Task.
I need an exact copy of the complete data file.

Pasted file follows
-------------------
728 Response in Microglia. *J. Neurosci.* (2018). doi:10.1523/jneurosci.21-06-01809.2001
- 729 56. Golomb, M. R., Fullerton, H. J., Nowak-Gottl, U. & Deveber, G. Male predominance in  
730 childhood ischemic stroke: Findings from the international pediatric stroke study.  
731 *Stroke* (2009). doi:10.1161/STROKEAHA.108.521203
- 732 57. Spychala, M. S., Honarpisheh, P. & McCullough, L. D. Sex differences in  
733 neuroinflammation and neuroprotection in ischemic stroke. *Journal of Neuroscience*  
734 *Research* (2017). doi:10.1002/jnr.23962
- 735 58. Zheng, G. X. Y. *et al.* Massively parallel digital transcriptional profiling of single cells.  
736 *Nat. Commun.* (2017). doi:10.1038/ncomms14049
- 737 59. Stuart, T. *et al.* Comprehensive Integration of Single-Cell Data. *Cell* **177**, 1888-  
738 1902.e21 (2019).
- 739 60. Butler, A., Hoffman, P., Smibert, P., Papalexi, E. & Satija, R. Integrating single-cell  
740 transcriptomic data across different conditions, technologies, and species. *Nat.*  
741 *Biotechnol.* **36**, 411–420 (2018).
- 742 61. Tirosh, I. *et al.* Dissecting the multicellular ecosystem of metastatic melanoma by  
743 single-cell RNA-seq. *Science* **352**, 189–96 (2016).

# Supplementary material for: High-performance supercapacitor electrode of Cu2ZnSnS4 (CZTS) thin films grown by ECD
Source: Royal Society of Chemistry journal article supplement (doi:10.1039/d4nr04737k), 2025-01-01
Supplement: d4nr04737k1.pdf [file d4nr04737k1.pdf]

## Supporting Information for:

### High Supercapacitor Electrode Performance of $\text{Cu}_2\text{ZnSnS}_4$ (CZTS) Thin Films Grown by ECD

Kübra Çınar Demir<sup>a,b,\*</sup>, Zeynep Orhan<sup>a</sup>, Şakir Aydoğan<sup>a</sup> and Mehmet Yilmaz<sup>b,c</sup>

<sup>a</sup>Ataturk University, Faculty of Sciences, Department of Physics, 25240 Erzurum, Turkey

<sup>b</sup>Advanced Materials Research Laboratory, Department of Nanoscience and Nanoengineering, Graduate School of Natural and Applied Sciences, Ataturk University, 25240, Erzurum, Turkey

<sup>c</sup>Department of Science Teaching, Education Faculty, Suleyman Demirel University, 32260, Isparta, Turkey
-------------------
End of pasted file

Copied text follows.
728 Response in Microglia. *J. Neurosci.* (2018). doi:10.1523/jneurosci.21-06-01809.2001
- 729 56. Golomb, M. R., Fullerton, H. J., Nowak-Gottl, U. & Deveber, G. Male predominance in  
730 childhood ischemic stroke: Findings from the international pediatric stroke study.  
731 *Stroke* (2009). doi:10.1161/STROKEAHA.108.521203
- 732 57. Spychala, M. S., Honarpisheh, P. & McCullough, L. D. Sex differences in  
733 neuroinflammation and neuroprotection in ischemic stroke. *Journal of Neuroscience*  
734 *Research* (2017). doi:10.1002/jnr.23962
- 735 58. Zheng, G. X. Y. *et al.* Massively parallel digital transcriptional profiling of single cells.  
736 *Nat. Commun.* (2017). doi:10.1038/ncomms14049
- 737 59. Stuart, T. *et al.* Comprehensive Integration of Single-Cell Data. *Cell* **177**, 1888-  
738 1902.e21 (2019).
- 739 60. Butler, A., Hoffman, P., Smibert, P., Papalexi, E. & Satija, R. Integrating single-cell  
740 transcriptomic data across different conditions, technologies, and species. *Nat.*  
741 *Biotechnol.* **36**, 411–420 (2018).
- 742 61. Tirosh, I. *et al.* Dissecting the multicellular ecosystem of metastatic melanoma by  
743 single-cell RNA-seq. *Science* **352**, 189–96 (2016).

# Supplementary material for: High-performance supercapacitor electrode of Cu2ZnSnS4 (CZTS) thin films grown by ECD
Source: Royal Society of Chemistry journal article supplement (doi:10.1039/d4nr04737k), 2025-01-01
Supplement: d4nr04737k1.pdf [file d4nr04737k1.pdf]

## Supporting Information for:

### High Supercapacitor Electrode Performance of $\text{Cu}_2\text{ZnSnS}_4$ (CZTS) Thin Films Grown by ECD

Kübra Çınar Demir<sup>a,b,\*</sup>, Zeynep Orhan<sup>a</sup>, Şakir Aydoğan<sup>a</sup> and Mehmet Yilmaz<sup>b,c</sup>

<sup>a</sup>Ataturk University, Faculty of Sciences, Department of Physics, 25240 Erzurum, Turkey

<sup>b</sup>Advanced Materials Research Laboratory, Department of Nanoscience and Nanoengineering, Graduate School of Natural and Applied Sciences, Ataturk University, 25240, Erzurum, Turkey

<sup>c</sup>Department of Science Teaching, Education Faculty, Suleyman Demirel University, 32260, Isparta, Turkey